Soul Mate Publishing, 2013
e-copy, provided by the author
On the scale of rare to hardly ever, once in a while I'll say yes to a previously-unknown (to me) author asking if I might read his or her work and post a review here, largely because I'm interested in seeing what he or she is offering that may be potentially new to the crime-fiction world. I'm not a writer, but I think I can understand how difficult it is for people who are and who are not in what I'd call "the big leagues" of crime-fiction writing to get their names out there. The Reckless Engineer is by Jac Wright, an author whose work I've never read before, and I was tempted to say yes because he's a UK writer. The book is a murder mystery that takes place in Portsmouth, offering a wide range of suspects in the death of a bitchy and witchy engineer's mistress. The main suspect is her lover Jack, who may be a total jerk who doesn't seem the type to have a propensity for murder in his blood. There is a lot of action in this novel as his friend Jeremy tries to prove that Jack didn't do it, there's a fair amount of subterfuge and untrustworthy characters, and well, as one reviewer put it, it has "everything-but-the-kitchen-sink."
When Jack Connor's current lover is killed (and I say current because Jack has a habit of sleeping around despite the fact that he's married), all signs point to Jack as her murderer. He has a lot to lose besides his reputation: he's married to Caitlin, the daughter of a rich and powerful industrialist whose money makes it possible for Jack to live a good life. Jack immediately calls best friend Jeremy, who gets his attorney Harry to take Jack's case. As the legal process swings into high gear, Jeremy overhears a phone conversation between Caitlin and an unknown person named K.C., and starts to wonder if it's possible that Caitlin may have had something to do with Michelle's death. After all, both she and her father knew about Jack's little bit on the side, and Caitlin is a perfect suspect. The conversation sparks Jeremy to do an investigation on his own while Jack's fate hangs in the balance, but soon he realizes that there were a lot more people who may have wanted to get rid of the dead woman. He certainly has his work cut out for him.
It's a plot directly up my alley, and the choice of murder weapon (a box of poisoned chocolates) is intriguing, since really, anyone could have left it for the dead woman at any time, opening up the possibilities of more than a single suspect. This approach is always a plus in my mind, probably hearkening back to my love affair with Agatha Christie and the way she set up her novels so that you have to wait until the end to find out the who. The action starts quickly, getting the reader involved at the outset as the author doesn't wait long at all to start planting seeds of doubt about Jack's involvement. At the same time, I had a number of issues with this novel that made it a sloggy go in some parts. First is the author's use of language. As a single example, there are a number of times that he uses the word "shall" in dialogue between characters that comes across as stilted and unrealistic in context. Second, there's so much exposition in this story that could have been better applied, woven into normal conversation so that the background info comes out more naturally. But my biggest objection is as follows: while I won't reveal the ending, I thought that Mr. Wright made a very crucial error here, waiting until the last few chapters to provide background and detail on the murderer. I mean, the information about the killer should have been established more evenly throughout the book rather than piling it all on at the end, because then, duh, you know who the killer is before you get to the big reveal. I was so disappointed! To his credit, the author does keep you guessing up until that point, but I've never ever seen this kind of thing done before, and I've been reading crime fiction since before I was a teen. He might as well have put up a neon arrow pointing to the killer at that point.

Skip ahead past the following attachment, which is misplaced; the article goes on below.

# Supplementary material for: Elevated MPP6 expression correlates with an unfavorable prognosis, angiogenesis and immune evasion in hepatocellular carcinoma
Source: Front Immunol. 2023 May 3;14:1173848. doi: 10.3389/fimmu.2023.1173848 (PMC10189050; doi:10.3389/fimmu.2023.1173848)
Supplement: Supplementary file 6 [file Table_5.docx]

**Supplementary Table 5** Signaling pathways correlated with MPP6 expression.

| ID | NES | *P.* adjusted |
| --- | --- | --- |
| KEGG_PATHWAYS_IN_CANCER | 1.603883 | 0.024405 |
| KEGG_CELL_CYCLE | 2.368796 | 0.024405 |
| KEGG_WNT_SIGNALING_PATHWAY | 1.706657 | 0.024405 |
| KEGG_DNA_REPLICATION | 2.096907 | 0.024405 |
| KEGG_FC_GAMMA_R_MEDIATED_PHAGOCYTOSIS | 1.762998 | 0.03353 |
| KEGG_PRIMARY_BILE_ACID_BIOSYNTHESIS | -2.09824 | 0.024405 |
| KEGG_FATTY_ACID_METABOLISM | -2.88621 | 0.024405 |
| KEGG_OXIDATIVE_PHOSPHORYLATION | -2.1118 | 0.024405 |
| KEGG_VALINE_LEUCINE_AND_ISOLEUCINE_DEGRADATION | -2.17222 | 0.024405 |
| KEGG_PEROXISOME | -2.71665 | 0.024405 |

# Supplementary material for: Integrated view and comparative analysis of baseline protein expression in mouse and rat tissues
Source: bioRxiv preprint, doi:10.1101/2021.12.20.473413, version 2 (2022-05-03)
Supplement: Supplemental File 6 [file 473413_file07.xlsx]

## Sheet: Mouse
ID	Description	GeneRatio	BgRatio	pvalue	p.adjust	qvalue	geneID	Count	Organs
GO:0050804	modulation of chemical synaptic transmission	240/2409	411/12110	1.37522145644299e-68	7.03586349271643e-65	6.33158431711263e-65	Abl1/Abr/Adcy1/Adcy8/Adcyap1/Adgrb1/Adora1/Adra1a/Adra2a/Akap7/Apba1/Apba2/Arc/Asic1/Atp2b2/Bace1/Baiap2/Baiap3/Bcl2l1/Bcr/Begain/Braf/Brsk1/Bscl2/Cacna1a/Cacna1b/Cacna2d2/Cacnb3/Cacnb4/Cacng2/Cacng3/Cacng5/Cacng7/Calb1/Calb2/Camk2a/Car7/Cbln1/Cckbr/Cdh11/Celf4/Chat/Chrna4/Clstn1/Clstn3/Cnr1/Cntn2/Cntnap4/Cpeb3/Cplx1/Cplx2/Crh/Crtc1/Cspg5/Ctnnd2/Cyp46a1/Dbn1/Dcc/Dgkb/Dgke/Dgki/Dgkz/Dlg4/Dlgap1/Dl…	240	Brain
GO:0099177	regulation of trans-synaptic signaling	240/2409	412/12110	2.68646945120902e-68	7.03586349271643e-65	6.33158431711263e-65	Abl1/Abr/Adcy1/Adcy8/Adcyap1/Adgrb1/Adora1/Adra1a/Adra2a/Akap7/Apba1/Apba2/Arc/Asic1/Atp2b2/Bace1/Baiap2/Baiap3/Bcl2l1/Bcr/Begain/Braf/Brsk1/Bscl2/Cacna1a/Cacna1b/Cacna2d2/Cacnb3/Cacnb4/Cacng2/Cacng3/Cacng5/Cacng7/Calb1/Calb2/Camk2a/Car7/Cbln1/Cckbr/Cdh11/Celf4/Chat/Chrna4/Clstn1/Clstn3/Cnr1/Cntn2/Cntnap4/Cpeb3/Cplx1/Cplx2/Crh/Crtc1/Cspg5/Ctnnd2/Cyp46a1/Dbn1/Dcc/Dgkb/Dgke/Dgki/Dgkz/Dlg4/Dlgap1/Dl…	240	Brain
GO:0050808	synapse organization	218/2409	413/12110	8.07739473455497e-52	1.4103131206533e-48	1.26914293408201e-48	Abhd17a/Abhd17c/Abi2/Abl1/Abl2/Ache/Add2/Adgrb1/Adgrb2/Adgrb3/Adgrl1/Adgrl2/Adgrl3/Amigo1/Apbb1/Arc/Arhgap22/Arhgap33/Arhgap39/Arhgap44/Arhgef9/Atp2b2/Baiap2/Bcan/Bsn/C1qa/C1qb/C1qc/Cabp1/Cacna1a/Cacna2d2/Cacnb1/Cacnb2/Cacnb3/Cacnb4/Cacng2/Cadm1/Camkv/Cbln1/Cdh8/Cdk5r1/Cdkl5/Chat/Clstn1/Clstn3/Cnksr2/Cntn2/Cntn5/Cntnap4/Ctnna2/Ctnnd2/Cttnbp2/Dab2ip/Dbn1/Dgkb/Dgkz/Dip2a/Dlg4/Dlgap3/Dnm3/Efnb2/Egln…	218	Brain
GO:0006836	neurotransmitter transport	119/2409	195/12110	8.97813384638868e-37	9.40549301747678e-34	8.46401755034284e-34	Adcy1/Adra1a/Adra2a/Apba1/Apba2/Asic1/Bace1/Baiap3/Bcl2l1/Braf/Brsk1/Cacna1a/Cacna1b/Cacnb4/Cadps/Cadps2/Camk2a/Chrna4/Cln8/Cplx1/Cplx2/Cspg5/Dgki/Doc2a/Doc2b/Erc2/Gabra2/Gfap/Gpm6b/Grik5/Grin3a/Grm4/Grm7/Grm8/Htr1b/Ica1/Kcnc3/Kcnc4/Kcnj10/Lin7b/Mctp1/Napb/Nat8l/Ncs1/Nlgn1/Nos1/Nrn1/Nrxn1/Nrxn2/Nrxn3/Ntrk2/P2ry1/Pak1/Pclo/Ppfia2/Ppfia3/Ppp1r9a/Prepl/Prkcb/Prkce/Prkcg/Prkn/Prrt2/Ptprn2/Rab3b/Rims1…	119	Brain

The plot's introduction was quite well done (other than the use of the word "shall" so many times), the middle was very tough going due to the introduction of so many new characters and plot points, and then it picks up again toward the end. But once I got back into the groove of the read after the sloggy center and wanted to know the identity of the killer, with the above-mentioned error, things were kind of wrecked for me, although I will say that the actual "how" the murder was done was pretty ingenious. Finally, in my opinion, and really, I don't suppose that means much to anyone but myself, if someone is going to write crime fiction, it needs to be very tight in terms of plot, and especially in how the author controls the scene, the characters, and the denouement. I didn't find that here -- there were always some new angles thrown in, which is okay, but there should be some sort of subtle clue at the beginning as to where the author is going to take his readers. There is just way too much going on here to make the novel really pop, which is a shame, since the story itself has a lot of potential.
Personally speaking, I'd certainly give this author another try, especially if he takes tighter control over his work in the future. The book could have frankly benefited from more judicious editing, but he can weave a good yarn that is interesting enough at its core to keep you reading. Then again, I'm super picky when it comes to crime, since I've spent so much of my reading life glued to murder mysteries, and I consider myself a tough audience.
My many thanks to the author for the opportunity to read his work.